However, in anticipation of us not being able to resume group activities in person for some time to come and as staying connected is really important to all of us, the committee is busy organising a variety of Zoom events for over the coming months.

The first of these will be on Thursday, March 11.

The favourable feedback received from members who took part in the quiz was gratefully received and a big thank-you to all the committee for helping to make it happen.

Many thanks, too, to Jan and Inger for having telephoned and chatted to all members recently.

Keeping in touch is vital and we were very pleased to hear that members appreciated the calls.

Jan and Inger both reported enjoying making the calls and felt it was a really worthwhile exercise which as a committee we will repeat.

The book club continues to flourish remotely via Zoom. The next book is Autumn by Ali Smith and the club’s next meeting is scheduled for Thursday, March 18.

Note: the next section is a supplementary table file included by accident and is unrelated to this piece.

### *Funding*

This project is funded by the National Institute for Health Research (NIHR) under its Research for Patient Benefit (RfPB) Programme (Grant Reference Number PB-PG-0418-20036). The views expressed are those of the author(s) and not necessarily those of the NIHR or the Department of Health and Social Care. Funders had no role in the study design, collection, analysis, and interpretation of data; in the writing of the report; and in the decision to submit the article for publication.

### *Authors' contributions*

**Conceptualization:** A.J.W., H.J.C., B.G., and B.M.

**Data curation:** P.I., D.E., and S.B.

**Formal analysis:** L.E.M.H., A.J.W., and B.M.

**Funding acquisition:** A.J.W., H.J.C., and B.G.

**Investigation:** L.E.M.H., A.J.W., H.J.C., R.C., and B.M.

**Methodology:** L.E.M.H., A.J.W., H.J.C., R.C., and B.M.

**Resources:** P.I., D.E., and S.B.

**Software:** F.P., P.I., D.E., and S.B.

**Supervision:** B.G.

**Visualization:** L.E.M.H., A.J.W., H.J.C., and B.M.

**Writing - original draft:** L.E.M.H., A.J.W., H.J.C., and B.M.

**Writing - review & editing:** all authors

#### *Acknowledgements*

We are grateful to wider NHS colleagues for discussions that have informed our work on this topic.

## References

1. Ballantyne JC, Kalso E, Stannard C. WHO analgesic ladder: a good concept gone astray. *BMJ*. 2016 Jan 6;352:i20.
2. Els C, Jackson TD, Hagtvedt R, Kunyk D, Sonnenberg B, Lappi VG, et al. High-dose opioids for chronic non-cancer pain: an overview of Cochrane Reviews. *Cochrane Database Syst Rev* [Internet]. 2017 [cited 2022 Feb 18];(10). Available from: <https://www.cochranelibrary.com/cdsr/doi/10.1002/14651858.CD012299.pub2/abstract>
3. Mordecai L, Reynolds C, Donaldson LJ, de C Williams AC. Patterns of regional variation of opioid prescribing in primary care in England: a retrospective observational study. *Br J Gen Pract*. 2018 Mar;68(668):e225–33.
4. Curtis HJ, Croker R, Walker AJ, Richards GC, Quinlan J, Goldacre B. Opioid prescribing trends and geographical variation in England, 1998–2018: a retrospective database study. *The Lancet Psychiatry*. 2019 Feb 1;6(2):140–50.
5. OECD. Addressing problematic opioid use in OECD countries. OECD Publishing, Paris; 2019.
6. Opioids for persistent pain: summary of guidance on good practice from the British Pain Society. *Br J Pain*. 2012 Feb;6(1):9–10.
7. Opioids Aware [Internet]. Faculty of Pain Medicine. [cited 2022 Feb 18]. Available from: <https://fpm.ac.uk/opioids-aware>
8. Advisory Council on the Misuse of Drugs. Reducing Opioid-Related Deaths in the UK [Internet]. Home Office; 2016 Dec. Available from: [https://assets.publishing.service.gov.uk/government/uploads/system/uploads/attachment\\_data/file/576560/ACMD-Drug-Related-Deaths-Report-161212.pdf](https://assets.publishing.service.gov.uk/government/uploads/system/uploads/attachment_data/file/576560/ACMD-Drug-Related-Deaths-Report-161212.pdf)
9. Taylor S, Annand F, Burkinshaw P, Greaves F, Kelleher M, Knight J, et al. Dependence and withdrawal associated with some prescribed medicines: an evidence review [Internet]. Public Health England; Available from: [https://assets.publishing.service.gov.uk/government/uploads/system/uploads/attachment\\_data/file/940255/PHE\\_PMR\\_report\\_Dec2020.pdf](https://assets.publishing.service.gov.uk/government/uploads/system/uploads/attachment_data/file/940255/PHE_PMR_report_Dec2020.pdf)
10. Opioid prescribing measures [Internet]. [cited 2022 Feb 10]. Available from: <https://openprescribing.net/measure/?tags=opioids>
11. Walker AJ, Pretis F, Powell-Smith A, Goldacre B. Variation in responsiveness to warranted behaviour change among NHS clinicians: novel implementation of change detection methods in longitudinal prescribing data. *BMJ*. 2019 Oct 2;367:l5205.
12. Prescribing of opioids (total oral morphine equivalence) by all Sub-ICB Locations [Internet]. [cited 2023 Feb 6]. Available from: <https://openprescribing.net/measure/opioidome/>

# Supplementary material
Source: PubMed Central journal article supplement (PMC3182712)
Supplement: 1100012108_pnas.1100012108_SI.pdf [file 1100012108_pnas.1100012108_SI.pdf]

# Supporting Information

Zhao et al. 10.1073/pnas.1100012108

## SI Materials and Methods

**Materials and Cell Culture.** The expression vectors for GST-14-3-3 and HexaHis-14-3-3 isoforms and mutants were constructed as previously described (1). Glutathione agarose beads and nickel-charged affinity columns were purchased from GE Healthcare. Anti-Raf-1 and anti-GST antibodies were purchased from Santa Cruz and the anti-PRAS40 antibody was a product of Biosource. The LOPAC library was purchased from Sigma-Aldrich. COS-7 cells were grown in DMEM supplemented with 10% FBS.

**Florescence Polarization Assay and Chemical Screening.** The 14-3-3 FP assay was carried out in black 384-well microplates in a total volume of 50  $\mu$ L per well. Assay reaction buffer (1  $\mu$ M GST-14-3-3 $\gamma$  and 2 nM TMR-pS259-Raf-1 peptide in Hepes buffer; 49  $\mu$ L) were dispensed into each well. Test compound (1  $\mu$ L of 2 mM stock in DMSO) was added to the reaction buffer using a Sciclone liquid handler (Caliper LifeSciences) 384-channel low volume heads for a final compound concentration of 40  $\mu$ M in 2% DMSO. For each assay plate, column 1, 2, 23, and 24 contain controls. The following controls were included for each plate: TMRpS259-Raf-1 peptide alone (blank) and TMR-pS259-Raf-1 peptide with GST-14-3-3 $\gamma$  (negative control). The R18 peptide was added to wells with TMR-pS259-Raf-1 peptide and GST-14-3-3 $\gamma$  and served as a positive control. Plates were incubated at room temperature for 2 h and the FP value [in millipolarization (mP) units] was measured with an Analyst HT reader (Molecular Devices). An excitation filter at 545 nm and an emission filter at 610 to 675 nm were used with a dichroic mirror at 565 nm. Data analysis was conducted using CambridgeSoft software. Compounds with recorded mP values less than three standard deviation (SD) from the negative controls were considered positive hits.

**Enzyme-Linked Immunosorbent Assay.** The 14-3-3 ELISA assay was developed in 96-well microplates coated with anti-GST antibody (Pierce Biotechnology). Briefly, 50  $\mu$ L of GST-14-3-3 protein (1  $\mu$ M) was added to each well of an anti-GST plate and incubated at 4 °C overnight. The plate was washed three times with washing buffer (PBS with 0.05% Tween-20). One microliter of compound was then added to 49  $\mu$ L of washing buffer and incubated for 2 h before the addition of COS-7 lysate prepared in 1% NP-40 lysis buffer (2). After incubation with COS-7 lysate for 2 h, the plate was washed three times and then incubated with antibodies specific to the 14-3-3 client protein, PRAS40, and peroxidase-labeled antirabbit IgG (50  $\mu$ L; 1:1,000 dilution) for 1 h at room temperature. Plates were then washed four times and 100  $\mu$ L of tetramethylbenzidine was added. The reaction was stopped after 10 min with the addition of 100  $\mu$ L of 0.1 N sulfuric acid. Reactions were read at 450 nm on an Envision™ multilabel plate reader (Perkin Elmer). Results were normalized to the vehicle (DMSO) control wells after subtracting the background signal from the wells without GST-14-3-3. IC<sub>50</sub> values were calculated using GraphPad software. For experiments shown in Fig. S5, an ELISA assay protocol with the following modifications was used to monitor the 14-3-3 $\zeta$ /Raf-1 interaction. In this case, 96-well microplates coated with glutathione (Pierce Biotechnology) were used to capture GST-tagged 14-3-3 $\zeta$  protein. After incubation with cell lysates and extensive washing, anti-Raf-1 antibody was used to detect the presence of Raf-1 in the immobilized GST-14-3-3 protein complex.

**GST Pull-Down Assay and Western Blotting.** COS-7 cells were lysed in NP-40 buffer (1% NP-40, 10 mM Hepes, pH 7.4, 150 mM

They would really welcome more members and if anyone is interested please contact either Inger or Frances.

Thank you to all our members for voting for the National Federation resolutions. The resolution put forward by Hambleden WI to the Bucks Federation was “A call to increase awareness of the subtle signs of ovarian cancer”.

We look forward to being able to meet up on March 11 via Zoom and in the meantime wish to emphasise that the committee is here to support in any way we can. Our contact details are or email hambleden.wi@email

Sally-Ann Roberts


THE February meeting was again successfully held by means of Zoom and was chaired by Suzanna Rose.

The talk was given by Anne-Marie Gawen and her theme was “Happiness”.